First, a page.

When you do get the balance right it does leave quite a nice end result. It is just a bit more difficult than doing it with other methods.
Selective Colour Layer
Selective colour works slightly similar to Hue/Saturation in the fact that you isolate certain colours to change. You don't have as much control over it as you do with Hue/Saturation but the upside with this is you have whites, midtones and blacks to adjust as well.
Click Layer>New Adjustment Layer>Selective Colour
It will initially look like this below
For this image I chose the blues from the drop down colours menu. Selective colours works rather off the CMYK colour scale instead of RGB. So you must know the opposite of CMY is RGB in the order. By removing cyan more red appears remove magenta, green appears finally remove yellow and get more blue.
Even though the blue drop down did most of the heavy lifting I also had to adjust the Magenta, Grey, Blacks and Whites slightly to get the colour similar to what I had done to the others.
This is the result that I got using this method. It is a good way to change the colours you want.
Brush + layer blend mode to hue
If you are a natural painter or drawer then this might be a prefered way for yourself as it is just colouring in within the lines.
First you will need to create a new blank layer. (see below)
On that blank layer you can now paint with whatever colour you want to paint with. for this I will elect whatever shade of red I want and just paint over the areas which have purple grapes like below.
Clearly this does not look like red grapes, it is just block colour. The final step is to change the blend mode of the layer from Normal to Hue. This will transpose the colour that you have painted but keep the luminosity of the original image underneath.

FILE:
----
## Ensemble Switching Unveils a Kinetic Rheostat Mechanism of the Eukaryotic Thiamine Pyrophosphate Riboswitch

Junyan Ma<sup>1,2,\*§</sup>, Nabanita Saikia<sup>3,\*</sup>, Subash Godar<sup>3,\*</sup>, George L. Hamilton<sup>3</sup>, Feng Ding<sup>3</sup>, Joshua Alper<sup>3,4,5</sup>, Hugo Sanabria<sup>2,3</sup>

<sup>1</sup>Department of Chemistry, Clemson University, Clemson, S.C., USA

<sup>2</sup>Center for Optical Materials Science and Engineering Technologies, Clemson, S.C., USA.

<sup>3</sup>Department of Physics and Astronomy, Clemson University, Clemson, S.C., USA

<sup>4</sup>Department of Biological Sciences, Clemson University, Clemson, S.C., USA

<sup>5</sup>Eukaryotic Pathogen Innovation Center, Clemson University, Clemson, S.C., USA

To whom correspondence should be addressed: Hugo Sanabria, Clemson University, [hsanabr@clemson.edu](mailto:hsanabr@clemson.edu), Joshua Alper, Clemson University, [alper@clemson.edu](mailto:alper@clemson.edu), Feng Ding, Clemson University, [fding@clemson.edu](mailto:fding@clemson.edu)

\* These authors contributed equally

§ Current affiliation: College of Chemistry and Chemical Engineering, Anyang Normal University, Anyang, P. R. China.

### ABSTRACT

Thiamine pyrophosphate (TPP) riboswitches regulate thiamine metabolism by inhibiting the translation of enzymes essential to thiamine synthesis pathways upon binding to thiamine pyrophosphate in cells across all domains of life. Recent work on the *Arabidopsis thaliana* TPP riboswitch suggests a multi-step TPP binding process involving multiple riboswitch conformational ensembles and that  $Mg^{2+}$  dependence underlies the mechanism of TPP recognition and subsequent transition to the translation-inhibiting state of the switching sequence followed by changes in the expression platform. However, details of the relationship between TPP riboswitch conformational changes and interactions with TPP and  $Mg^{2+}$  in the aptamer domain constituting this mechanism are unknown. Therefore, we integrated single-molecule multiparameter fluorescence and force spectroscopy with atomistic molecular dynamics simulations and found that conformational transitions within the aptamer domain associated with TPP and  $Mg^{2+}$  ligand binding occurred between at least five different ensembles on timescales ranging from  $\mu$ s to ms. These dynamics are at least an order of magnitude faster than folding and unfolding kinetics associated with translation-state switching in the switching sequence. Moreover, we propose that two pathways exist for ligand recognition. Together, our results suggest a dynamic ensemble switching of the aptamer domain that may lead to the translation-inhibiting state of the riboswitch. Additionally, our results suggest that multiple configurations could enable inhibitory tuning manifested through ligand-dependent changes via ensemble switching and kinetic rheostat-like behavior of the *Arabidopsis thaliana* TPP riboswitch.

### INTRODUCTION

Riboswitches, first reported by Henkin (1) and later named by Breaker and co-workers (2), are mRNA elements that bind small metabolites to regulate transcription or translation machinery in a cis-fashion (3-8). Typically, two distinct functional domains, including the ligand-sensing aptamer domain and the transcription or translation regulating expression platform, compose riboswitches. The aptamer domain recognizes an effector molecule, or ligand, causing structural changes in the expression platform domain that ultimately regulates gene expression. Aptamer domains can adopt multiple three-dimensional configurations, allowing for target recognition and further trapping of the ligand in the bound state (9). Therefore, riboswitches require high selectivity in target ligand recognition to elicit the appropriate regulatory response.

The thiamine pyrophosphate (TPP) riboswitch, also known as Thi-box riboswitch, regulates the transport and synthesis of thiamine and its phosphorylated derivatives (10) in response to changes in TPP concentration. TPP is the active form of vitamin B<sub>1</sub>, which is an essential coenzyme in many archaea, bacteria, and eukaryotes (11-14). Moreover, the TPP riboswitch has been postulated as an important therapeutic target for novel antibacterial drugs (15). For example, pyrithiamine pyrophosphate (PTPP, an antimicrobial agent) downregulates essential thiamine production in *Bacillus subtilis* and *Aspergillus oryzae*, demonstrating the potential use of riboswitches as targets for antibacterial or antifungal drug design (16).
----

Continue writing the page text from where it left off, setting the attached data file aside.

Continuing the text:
Replace colour adjustment
I really like this method as it is very visual you can see exactly what you are going to be changing and the results of your changes in real time. It just has one massive flaw to it. It is a destructive way of editing. You can't change it when you have done it other than doing it again.
So firstly make a copy of whatever you want to change the colour of and use the copy. If it goes wrong you always have the original as a backup.
Select the backup layer and click at the top bar Image>Adjustments>Replace Colour.
The pop up box you get looks like the image below. Three eyedropper tools at the top, first to select the colour that you want to change, second to add to your selection, third to remove from your selection. Fuzziness is like accuracy of colour, lower fuzziness mean your selecting that colour specifically higher fuzziness means your selection area gets bigger and bleeds into similar colour variances. The harsh black and white image shows you exactly what is selected. White is what is selected and black is what isn't. Down the bottom are the sliders to change hue, saturation and lightness. Behind this box is your actual image and this will change as you change the hue, saturation and lightness sliders. So you can see exactly what is changing and what the final result will look like.
I would probably use this method as my prefered method if it was a non destructive method of editing. Unfortunately this method doesn't work on Smart Objects even that would make it a viable option to use. But for me this is a major factor of me not using. If you can get past that and don't mind working destructively then it is a nice method.
My pick of the lot is the good old trusty Hue/Saturation layer.
So now you know how a few different ways to make the world around you the colours that you want it to look. If you want to make your tell a different story or deliver more of a statement now you can. If you want to go against the grain and have blue grass and green sky then do it.
That is it for now, thanks for reading and see you again soon.